Imagine my surprise when my lovely swap partner, Lil, informed me that it was an actual independent dutchy! Of course I was fascinated and I had to go and check it out. It is a lovely little country (size-wise. as far as culture and history they kick Canada's butt). According to Wikki it is prosperous, beautiful, historically interesting, and a founding memeber in the UN, Nato, and all kinds of other important things. The best description, though, is the one from the Catholic encyclopedia the New Advent. An excerpt I am rather partial to runs as follows:

. . . it is situated at an elevation of about 1000 feet above the sea level, is mountainous and possesses a temperate healthy climate. The arable lands, including almost half the country, yield abundant crops of grain, and splendid pastures feed numerous herds of cattle and horses. The vine produces annually more than 1,300,000 gallons of wine and the fruit harvest is no less generous

It also has some cool, fairy tale like castles, towns and stoneworks , as you can see if you click on the photos there. Sure beats any archetecture you can find around here (rural decay, anyone? we've got plenty!).

So, all in all, my journey to discover Luxembourg was most pleasurable. Descriptions online were found easily, and the photos were no less generous to my opinion of the country.

I think I'm going to look everything up in the Catholic encyclopedia from now on.

I think I should start writing like that. "The fabric I discovered in this store was most generous, with the friendly staff abundantly at my disposal."

ETA: Lil just gave me a link to her virtual blog tour of the capital. Find it here:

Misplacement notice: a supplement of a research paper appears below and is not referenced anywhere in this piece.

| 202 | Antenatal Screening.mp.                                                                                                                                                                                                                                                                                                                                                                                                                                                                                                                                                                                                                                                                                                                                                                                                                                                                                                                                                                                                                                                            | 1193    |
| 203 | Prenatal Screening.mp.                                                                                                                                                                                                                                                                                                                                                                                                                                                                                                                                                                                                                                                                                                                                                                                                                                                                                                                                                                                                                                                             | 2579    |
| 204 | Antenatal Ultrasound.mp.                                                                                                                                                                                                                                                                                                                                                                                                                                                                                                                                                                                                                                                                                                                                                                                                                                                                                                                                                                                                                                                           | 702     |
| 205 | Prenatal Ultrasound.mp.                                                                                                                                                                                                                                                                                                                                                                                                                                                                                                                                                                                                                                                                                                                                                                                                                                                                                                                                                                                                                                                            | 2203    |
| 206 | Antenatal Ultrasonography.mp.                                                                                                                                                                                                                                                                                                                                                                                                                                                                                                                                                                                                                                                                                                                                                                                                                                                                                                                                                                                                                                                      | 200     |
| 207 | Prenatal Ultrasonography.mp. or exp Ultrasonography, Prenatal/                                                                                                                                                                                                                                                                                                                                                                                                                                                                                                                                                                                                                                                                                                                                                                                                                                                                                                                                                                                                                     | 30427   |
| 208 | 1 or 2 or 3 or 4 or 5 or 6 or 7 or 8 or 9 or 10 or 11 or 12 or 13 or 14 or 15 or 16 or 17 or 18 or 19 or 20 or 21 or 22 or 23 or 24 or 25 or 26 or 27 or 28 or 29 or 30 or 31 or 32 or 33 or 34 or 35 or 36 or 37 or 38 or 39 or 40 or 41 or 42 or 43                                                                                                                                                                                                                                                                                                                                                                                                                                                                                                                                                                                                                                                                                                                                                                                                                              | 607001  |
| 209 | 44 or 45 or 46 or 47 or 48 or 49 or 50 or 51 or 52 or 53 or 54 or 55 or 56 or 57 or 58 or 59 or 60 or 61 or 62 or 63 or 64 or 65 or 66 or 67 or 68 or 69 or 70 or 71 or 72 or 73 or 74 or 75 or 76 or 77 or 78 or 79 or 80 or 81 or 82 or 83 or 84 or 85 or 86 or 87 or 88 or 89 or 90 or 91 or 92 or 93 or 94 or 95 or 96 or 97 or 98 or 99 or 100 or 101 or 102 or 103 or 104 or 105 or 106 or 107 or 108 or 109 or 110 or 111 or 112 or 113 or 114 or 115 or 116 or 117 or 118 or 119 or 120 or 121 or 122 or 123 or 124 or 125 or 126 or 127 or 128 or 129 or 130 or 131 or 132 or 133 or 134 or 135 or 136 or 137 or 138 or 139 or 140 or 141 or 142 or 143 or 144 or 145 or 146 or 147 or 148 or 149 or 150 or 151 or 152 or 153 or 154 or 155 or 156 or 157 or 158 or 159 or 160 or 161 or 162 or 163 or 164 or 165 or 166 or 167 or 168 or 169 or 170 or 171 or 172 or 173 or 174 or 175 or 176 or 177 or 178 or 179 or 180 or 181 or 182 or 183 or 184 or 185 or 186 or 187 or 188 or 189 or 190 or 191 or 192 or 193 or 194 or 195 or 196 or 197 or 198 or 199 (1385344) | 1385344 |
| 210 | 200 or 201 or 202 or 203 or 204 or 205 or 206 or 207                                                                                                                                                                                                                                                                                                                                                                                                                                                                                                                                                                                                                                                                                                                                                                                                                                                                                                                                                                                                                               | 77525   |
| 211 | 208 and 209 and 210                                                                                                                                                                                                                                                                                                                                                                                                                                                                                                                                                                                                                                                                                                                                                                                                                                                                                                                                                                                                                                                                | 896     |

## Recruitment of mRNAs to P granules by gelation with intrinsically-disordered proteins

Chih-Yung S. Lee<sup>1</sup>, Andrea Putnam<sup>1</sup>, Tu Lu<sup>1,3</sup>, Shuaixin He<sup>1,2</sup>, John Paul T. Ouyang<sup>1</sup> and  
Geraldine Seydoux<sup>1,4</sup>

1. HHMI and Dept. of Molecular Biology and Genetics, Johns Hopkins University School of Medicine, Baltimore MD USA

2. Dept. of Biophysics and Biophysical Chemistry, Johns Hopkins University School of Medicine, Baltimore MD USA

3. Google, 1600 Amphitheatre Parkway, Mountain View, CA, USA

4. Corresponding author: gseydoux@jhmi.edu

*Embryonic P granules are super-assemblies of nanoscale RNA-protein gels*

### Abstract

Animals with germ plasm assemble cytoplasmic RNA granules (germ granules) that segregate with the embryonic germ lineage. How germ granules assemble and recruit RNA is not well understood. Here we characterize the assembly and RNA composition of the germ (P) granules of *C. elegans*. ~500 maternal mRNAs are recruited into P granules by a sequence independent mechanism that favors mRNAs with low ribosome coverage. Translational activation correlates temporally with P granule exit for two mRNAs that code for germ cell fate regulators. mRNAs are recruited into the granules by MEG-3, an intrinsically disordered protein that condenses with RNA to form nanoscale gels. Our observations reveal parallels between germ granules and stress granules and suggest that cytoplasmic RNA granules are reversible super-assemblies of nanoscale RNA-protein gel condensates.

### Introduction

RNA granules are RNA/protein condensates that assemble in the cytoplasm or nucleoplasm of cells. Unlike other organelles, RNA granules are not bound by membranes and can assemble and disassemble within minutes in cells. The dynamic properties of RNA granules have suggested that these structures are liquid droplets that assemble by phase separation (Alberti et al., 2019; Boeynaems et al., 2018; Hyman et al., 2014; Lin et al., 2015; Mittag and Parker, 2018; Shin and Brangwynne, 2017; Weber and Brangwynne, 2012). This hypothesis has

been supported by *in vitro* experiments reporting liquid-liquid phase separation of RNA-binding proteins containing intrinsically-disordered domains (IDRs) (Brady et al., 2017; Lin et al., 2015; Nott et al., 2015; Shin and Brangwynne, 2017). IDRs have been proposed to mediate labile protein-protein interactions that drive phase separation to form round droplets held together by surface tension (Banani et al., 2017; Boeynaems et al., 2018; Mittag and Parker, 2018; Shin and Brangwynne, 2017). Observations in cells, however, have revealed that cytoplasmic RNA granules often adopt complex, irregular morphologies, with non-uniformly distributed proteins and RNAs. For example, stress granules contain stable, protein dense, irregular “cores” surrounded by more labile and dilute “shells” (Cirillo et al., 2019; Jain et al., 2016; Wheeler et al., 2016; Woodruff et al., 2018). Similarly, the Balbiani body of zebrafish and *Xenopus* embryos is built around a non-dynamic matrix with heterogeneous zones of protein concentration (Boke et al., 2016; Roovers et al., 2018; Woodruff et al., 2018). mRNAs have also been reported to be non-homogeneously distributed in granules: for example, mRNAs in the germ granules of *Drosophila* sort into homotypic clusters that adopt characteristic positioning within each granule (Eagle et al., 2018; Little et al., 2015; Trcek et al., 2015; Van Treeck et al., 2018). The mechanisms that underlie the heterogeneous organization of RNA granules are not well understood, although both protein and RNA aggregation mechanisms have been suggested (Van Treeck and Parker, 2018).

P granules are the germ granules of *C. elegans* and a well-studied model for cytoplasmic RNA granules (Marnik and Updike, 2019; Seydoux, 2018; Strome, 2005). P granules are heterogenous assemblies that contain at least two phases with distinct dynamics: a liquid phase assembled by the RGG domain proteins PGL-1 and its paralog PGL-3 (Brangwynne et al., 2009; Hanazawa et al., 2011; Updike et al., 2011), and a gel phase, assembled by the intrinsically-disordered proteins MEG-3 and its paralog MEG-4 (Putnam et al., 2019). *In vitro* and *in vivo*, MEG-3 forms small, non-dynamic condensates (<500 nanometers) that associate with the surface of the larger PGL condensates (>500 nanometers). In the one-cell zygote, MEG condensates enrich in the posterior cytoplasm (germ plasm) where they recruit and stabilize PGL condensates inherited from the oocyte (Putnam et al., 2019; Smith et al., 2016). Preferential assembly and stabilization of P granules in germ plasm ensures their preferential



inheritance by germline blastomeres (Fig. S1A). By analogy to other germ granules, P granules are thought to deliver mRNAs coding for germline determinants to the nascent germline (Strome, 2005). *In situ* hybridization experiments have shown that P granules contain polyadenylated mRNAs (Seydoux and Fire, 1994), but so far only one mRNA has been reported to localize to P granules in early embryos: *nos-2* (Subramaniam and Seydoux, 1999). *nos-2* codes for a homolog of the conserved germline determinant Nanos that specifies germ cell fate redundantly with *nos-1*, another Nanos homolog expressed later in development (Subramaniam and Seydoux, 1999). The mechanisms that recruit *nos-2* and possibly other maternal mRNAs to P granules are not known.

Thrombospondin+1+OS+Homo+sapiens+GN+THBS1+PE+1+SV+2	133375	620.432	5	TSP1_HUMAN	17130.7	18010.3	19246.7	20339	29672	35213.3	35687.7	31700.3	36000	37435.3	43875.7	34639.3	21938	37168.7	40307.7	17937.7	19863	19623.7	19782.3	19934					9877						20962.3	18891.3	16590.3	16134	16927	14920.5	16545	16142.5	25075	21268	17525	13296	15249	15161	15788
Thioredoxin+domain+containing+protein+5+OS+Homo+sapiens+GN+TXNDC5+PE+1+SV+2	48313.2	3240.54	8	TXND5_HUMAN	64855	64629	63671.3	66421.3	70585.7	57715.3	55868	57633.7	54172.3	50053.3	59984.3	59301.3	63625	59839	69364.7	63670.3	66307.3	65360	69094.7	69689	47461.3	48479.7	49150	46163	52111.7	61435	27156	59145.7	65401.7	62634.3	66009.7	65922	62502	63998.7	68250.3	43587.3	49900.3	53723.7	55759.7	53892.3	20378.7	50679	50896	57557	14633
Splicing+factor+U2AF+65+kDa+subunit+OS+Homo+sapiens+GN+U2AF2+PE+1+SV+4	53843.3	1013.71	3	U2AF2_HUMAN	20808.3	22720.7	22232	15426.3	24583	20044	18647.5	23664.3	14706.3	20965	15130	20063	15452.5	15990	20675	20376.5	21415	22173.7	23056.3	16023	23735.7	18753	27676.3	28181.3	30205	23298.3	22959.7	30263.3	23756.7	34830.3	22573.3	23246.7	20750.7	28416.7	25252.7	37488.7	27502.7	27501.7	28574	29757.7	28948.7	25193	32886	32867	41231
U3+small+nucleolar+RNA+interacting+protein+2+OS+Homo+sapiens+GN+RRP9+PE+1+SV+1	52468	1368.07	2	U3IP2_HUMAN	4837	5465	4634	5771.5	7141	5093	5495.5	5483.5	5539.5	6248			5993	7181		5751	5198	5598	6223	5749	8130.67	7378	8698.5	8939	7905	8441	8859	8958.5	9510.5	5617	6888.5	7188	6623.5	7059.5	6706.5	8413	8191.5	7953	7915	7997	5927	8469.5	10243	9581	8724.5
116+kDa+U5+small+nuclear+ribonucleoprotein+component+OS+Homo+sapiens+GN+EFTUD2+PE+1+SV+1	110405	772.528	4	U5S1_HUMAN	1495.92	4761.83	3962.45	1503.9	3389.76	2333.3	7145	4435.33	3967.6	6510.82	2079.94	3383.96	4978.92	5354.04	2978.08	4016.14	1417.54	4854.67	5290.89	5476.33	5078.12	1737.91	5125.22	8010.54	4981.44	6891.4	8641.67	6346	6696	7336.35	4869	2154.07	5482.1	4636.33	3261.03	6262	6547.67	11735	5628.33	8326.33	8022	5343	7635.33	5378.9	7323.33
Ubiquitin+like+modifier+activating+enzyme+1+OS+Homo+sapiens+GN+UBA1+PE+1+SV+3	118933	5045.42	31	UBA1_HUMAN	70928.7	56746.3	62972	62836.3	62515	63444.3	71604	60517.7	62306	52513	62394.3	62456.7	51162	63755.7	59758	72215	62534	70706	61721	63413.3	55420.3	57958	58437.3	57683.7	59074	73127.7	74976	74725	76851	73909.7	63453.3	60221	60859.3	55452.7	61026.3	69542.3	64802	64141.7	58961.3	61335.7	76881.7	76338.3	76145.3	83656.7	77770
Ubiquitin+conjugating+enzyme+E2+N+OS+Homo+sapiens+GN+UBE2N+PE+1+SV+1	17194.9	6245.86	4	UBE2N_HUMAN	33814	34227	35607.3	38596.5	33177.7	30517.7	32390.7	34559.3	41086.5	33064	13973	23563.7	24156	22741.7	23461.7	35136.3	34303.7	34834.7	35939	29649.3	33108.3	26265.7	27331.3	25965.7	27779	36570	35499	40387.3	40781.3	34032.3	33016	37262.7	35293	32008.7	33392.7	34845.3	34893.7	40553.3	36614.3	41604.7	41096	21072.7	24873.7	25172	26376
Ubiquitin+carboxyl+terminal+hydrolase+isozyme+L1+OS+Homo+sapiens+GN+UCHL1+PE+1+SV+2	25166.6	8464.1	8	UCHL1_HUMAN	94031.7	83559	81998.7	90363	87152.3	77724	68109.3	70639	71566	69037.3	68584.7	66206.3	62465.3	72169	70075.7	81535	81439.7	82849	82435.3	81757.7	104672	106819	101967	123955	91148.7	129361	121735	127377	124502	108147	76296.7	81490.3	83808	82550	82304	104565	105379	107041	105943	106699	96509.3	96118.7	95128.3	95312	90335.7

Saturday, July 19, 2008

It's contagious . . .

I'm not usually one to be doing what everyone else is doing, but these English Paper pieced quilt blocks are really quite a fun pick up and put down hand sewing project. They finish up fairly quickly, so its also satisfying.

I'm not showing you the front because it may be featured in a mini-quilt sometime in the near future (if I can ever figure out what to do about my triangle one . . .).

Busy Week!

On Thursday, we went out to visit this older, childless couple in our church. They are farmers and he collects old John Deer tractors. He loves to give tractor rides, and the boys were treated to a ride on this tractor with Dad. We all got to drive in a vintage grain truck as well, which was fun. I think Dad enjoyed the tractor more than the boys, however.

Then yesterday our friends the Tucks came through on their way home to Fort McMurray. I've known Arden since grade 11. He played trumpet in the band and I played percussion, and he started coming to our ISCF group, then later the youth group Dave and I ran as teens. Dave was in his wedding party when he married Judith, who I get along with like a house on fire, and his older son, Nate is Dave's godson. It was a short visit - only one night - but very intense and enjoyable. One day we will live closer again and the boys can play. The boys had a blast. Nate and Andrew are very similar, tempermentally, so they played together really well. After the Tucks took us out for dinner, they boys had a huge wrestling / couch jumping / climb on daddy time in our living room. It was great. Even John, at 6 mos, was loving it.

Here are the boys sharing a bowl of cherries before supper.

Of course, we also have Art Camp from Mon. - Thurs. next week, so I've been testing out a few of the projects. I should have tried tie dying, too, but that will have to be tomorrow's project, I guess. Dave says he thinks the monster making project might be a bit much for Sasktachewan, but I hope lots of 10 yr old boys take it and have fun learning how to sew with me!

Some things never cease to surprise me . . .

like the brilliant yellow of canola flowers. Seriously, is that a real colour?

Thursday, July 17, 2008

Quilt Giveaway

Amazing Dana from Old Red Barn Soap Co. is giving stuff away again. She has made and is giving away this amazing quilt . Go and enter. If you're really ambitious, make a video about why you want the quilt and get 50 entries. If I didn't have art camp next week you know what I would have been doing. At the very least check out the hilarious Bob the Builder video someone entered. Classic stuff.

Wednesday, July 16, 2008

Fabric goodness folded after prewashing

How can you not love this photo? My husband tells me that I respond to colour how most people respond to drugs . . . do you think drugs would be cheaper?